Asia Shares Suffer as Markets Reel From China Covid Unrest


Asian shares were on the back foot on Monday as Covid protests and unrest in China saw investors retreat from riskier assets.

The dollar climbed as clashes broke out in several Chinese cities with protesters railing against Beijing’s anti-Covid policies, sending the Chinese yuan to a more than two-week low against the safe-haven greenback.

The unusual show of dissent in China saw Japan’s Nikkei share average slip for a second straight session, while tech stocks declined in line with their Wall Street peers.


Read more: Chinese Stocks Sink After Covid Cases Rise, Protests Over Policy


The Nikkei ended the day down 0.42% at 28,162.83. The index closed 0.35% lower on Friday after hitting a more than two-month high in the session before. The broader Topix index fell 0.68%, or 13.69 points, to 2,004.31.

The sell-off in Japanese stocks accelerated after Chinese and Hong Kong equity markets opened sharply lower, with the Hang Seng index tumbling 4.2% at one point.

“This news [from China] is definitely a negative for Japanese stocks, especially the tech sector, which has large exposure to Chinese markets and supply chains,” said Kenji Abe, an equity strategist at Daiwa.

“A slowdown in the Chinese economy will have a big impact on the Japanese stock market.”

Tech stocks were already under pressure after Apple fell sharply on Friday following a report that Covid restrictions would further cut output at its flagship iPhone factory in China. The Philadelphia SE Semiconductor Index also sagged 1.26% on Friday.

Startup investor SoftBank Group – which is heavily invested in Chinese tech companies including Alibaba and Didi – slid 0.61%.


China Protests Send Yuan Tumbling

The protests have flared across China and spread to several cities in the wake of an apartment fire that killed 10 people in Urumqi in the country’s far west.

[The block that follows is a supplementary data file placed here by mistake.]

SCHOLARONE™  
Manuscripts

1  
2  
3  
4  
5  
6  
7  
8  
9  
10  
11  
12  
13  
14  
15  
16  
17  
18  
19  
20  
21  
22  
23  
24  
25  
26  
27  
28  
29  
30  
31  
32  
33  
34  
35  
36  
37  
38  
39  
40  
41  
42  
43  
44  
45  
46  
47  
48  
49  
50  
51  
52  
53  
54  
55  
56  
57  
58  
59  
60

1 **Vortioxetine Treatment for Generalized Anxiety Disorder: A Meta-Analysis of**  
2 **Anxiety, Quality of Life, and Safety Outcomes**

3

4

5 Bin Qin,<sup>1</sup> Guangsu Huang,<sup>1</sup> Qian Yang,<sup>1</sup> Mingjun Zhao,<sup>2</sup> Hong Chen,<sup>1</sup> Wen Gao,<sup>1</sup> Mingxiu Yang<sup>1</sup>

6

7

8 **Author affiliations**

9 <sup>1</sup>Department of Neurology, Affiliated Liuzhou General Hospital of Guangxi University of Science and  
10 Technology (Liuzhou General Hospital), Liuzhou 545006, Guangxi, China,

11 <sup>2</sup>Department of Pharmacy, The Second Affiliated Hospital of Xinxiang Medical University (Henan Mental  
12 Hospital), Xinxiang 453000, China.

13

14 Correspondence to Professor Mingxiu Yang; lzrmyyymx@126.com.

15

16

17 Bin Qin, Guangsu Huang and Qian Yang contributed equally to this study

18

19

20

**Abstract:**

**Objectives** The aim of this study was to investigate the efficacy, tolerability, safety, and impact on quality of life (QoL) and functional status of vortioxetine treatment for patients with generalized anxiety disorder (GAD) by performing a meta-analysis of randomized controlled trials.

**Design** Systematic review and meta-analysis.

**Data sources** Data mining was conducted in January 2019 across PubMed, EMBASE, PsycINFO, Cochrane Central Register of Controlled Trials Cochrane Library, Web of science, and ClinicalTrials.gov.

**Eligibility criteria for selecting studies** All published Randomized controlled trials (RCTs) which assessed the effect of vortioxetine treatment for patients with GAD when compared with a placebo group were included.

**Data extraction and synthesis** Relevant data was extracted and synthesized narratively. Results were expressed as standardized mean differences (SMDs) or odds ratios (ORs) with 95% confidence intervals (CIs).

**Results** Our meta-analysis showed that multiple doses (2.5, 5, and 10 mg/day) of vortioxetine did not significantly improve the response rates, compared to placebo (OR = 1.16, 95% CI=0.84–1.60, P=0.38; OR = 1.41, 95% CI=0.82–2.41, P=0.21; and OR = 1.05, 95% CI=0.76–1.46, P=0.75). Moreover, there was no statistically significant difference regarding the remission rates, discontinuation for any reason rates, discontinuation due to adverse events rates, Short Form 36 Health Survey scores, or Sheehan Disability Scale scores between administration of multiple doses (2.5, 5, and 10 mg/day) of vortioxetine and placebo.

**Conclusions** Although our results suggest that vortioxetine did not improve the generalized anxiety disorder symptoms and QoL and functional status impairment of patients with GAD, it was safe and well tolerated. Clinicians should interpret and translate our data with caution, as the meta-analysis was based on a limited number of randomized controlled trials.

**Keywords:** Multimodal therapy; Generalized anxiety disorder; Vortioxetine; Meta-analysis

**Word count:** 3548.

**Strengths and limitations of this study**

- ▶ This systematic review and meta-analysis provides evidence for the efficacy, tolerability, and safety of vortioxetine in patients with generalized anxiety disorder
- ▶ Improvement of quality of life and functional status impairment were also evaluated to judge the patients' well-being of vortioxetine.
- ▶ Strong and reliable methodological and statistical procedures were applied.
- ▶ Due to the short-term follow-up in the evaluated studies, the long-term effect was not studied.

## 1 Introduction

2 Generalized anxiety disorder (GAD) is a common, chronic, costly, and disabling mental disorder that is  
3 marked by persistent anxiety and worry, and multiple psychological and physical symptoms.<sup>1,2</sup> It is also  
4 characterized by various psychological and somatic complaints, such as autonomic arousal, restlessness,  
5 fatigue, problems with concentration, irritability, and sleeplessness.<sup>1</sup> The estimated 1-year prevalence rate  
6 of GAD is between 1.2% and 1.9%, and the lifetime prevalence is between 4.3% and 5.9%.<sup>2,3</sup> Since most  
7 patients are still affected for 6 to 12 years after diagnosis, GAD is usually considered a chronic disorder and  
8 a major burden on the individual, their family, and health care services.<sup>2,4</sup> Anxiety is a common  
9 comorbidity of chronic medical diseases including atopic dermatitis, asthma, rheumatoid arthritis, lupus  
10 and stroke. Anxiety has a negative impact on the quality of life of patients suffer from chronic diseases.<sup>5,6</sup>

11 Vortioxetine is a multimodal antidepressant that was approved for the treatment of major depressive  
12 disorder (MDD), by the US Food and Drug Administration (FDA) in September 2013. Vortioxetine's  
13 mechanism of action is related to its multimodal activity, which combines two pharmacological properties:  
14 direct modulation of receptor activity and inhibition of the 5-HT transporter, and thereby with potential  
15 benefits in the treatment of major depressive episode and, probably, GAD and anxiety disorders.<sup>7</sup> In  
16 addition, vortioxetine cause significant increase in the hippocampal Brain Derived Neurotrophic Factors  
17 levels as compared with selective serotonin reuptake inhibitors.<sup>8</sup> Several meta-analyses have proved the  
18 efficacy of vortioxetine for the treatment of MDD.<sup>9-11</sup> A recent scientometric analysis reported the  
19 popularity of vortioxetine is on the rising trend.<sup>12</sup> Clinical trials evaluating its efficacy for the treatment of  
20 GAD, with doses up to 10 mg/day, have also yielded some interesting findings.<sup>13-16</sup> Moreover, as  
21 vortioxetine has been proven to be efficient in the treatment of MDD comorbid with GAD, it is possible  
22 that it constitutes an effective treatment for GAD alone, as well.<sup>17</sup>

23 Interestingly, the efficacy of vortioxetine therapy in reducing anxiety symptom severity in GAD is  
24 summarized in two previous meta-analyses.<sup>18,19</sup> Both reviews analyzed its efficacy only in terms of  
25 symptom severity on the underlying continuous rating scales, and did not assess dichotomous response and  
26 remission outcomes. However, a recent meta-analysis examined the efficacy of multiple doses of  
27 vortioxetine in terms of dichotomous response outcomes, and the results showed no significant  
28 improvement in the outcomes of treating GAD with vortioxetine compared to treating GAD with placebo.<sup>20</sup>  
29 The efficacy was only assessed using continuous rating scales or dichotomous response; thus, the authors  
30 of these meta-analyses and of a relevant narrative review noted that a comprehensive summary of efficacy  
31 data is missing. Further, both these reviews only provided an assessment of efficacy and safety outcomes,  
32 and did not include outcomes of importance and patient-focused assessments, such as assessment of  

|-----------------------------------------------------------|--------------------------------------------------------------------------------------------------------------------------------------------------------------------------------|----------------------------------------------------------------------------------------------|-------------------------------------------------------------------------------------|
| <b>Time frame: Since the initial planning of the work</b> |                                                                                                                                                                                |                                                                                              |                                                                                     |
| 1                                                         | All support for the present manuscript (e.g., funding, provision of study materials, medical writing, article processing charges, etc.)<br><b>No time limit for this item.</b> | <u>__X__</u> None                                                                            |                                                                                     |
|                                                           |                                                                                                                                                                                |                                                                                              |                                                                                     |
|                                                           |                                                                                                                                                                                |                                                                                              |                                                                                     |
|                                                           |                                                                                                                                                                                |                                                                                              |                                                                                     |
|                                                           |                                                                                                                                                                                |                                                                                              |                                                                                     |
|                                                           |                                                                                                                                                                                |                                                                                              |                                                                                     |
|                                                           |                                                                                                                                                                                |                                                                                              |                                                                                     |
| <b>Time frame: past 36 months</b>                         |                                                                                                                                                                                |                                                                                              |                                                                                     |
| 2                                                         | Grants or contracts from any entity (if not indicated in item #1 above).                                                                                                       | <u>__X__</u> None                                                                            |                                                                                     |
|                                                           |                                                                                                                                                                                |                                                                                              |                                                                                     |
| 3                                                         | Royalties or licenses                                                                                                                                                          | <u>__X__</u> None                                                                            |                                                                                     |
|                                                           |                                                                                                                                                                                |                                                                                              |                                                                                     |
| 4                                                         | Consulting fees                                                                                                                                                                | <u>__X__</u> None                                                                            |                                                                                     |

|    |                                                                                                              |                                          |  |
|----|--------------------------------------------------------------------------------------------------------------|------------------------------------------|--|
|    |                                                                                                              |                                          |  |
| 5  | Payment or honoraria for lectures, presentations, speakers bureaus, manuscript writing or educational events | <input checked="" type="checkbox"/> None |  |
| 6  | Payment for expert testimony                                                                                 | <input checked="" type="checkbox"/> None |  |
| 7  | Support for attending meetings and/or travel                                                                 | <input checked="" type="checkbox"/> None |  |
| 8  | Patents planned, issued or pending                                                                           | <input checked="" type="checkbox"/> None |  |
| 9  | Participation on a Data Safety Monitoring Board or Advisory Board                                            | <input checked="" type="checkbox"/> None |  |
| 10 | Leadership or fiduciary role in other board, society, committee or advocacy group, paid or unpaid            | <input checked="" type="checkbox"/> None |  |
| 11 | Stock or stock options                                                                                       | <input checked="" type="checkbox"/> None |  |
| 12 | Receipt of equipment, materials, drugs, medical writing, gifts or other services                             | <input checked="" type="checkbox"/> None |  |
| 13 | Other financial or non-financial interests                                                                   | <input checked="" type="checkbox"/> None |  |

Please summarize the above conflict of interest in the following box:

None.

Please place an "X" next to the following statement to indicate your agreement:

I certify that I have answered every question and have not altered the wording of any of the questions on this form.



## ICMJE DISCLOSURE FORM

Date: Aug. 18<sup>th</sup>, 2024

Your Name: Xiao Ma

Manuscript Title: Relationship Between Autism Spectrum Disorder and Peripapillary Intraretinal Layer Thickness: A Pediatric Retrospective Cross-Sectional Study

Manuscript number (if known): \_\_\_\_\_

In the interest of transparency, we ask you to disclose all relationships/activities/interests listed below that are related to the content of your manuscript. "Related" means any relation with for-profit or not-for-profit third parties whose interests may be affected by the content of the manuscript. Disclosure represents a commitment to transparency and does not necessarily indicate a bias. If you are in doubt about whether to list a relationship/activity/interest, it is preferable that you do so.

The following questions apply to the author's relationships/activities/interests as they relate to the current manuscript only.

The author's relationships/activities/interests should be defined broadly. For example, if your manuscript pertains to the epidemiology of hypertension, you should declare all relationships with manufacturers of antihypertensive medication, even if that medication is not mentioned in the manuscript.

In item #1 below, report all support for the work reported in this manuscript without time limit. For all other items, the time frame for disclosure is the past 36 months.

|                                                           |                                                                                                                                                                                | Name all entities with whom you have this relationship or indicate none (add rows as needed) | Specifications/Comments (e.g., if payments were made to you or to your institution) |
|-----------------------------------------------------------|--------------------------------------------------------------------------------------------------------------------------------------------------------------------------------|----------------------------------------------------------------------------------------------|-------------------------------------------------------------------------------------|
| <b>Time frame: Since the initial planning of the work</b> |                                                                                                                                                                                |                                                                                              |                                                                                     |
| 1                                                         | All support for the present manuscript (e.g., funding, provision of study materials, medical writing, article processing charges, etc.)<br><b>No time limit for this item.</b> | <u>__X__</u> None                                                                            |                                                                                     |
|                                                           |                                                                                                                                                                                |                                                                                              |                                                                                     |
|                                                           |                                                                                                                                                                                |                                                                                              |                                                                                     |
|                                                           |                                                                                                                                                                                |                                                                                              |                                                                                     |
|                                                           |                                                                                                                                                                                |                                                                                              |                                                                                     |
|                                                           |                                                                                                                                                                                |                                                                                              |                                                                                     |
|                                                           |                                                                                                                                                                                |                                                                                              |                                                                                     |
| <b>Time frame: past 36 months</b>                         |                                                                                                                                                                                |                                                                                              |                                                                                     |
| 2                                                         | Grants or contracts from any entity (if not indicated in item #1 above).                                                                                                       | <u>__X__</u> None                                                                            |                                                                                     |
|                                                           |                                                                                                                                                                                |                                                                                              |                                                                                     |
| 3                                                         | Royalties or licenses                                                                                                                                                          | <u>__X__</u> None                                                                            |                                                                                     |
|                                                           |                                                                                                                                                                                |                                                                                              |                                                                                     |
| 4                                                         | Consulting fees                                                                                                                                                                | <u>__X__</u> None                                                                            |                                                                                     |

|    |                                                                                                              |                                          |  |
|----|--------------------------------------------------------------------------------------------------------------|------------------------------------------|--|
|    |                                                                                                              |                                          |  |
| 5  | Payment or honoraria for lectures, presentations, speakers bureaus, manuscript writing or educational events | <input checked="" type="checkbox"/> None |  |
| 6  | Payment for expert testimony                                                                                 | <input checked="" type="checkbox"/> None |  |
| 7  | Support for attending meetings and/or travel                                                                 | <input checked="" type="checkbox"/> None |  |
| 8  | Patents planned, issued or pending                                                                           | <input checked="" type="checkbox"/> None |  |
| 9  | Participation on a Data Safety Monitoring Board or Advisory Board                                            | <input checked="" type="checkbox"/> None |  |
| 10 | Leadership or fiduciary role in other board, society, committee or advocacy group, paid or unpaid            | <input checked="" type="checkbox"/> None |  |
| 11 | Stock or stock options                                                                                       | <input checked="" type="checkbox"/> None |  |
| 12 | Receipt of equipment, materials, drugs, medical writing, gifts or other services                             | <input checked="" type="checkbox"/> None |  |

Hundreds of demonstrators and police clashed in Shanghai on Sunday night leaving investors worried over how the government in Beijing will react to the the wave of civil disobedience with Covid cases still rising.

“We’re really looking at the government response to what’s happening … the government response is so unpredictable, and of course that just means derisking,” said Chris Weston, head of research at Pepperstone.

The offshore yuan fell to an over two-week low in Asian trading, and was last roughly 0.4% lower at 7.2242 per dollar.

The Hang Seng Index dropped 1.57%, or 275.64 points, to 17,297.94.

The Shanghai Composite Index dipped 0.75%, or 23.14 points, to 3,078.55, while the Shenzhen Composite Index on China’s second exchange dropped 0.51%, or 10.11 points, to 1,974.07.


Unrest Halts Dollar Decline

Elsewhere across the region, Indian stocks edged ahead with Mumbai’s signature Nifty 50 index up 0.27%, or 50.00 points, to close at 18,562.75.

The latest developments in China have put a pause on the US dollar’s decline, which had been softening over the past few weeks on hopes that the Federal Reserve would soon slow its pace of rate hikes – a view that was supported by the November meeting minutes released last week.

Against a basket of currencies, the US dollar index rose 0.07% to 106.41, edging away from its recent three-month low of 105.30.

Fed Chair Jerome Powell is due to speak on the outlook for the US economy and the labour market at a Brookings Institution event on Wednesday, which could provide more clues on the outlook for US monetary policy.


Key figures

Tokyo – Nikkei 225 < DOWN 0.42% at 28,162.83 (close)

Hong Kong – Hang Seng Index < DOWN 1.57% at 17,297.94 (close)

Shanghai – Composite < DOWN 0.75% at 3,078.55 (close)

London – FTSE 100 < DOWN 0.71% at 7,433.73 (0935 GMT)

New York – Dow > UP 0.45% at 34,347.03 (Friday close)


  • Reuters with additional editing by Sean O’Meara


Also on AF:

China’s Covid Unrest Sees Yuan Drop to Two-Week Low

China Industrial Profits Slump as Economy Wilts Under Covid



Sean O'Meara

Sean O'Meara is an Editor at Asia Financial. He has been a newspaper man for more than 30 years, working at local, regional and national titles in the UK as a writer, sub-editor, page designer and print editor. A football, cricket and rugby fan, he has a particular interest in sports finance.

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